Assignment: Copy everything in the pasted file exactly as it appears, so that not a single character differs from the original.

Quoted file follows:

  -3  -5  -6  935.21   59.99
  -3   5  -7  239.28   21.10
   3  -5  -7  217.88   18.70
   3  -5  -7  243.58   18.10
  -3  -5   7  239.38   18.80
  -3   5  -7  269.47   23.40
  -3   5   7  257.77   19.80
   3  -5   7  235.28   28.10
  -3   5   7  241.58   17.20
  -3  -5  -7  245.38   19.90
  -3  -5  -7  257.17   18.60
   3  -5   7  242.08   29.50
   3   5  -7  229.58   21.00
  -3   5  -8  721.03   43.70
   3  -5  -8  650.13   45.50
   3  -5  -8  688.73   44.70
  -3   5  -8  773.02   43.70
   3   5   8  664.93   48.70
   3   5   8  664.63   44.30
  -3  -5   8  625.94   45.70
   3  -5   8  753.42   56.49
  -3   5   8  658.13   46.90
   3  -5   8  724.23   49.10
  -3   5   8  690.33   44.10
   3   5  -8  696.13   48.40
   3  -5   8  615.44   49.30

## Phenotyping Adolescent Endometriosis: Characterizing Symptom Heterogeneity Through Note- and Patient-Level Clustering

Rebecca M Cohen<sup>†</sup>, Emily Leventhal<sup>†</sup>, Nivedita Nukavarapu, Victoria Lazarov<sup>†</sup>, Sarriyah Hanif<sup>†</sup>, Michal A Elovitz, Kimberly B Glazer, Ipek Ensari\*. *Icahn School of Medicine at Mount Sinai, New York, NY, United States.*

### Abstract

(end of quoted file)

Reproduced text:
  -3  -5  -6  935.21   59.99
  -3   5  -7  239.28   21.10
   3  -5  -7  217.88   18.70
   3  -5  -7  243.58   18.10
  -3  -5   7  239.38   18.80
  -3   5  -7  269.47   23.40
  -3   5   7  257.77   19.80
   3  -5   7  235.28   28.10
  -3   5   7  241.58   17.20
  -3  -5  -7  245.38   19.90
  -3  -5  -7  257.17   18.60
   3  -5   7  242.08   29.50
   3   5  -7  229.58   21.00
  -3   5  -8  721.03   43.70
   3  -5  -8  650.13   45.50
   3  -5  -8  688.73   44.70
  -3   5  -8  773.02   43.70
   3   5   8  664.93   48.70
   3   5   8  664.63   44.30
  -3  -5   8  625.94   45.70
   3  -5   8  753.42   56.49
  -3   5   8  658.13   46.90
   3  -5   8  724.23   49.10
  -3   5   8  690.33   44.10
   3   5  -8  696.13   48.40
   3  -5   8  615.44   49.30

## Phenotyping Adolescent Endometriosis: Characterizing Symptom Heterogeneity Through Note- and Patient-Level Clustering

Rebecca M Cohen<sup>†</sup>, Emily Leventhal<sup>†</sup>, Nivedita Nukavarapu, Victoria Lazarov<sup>†</sup>, Sarriyah Hanif<sup>†</sup>, Michal A Elovitz, Kimberly B Glazer, Ipek Ensari\*. *Icahn School of Medicine at Mount Sinai, New York, NY, United States.*

### Abstract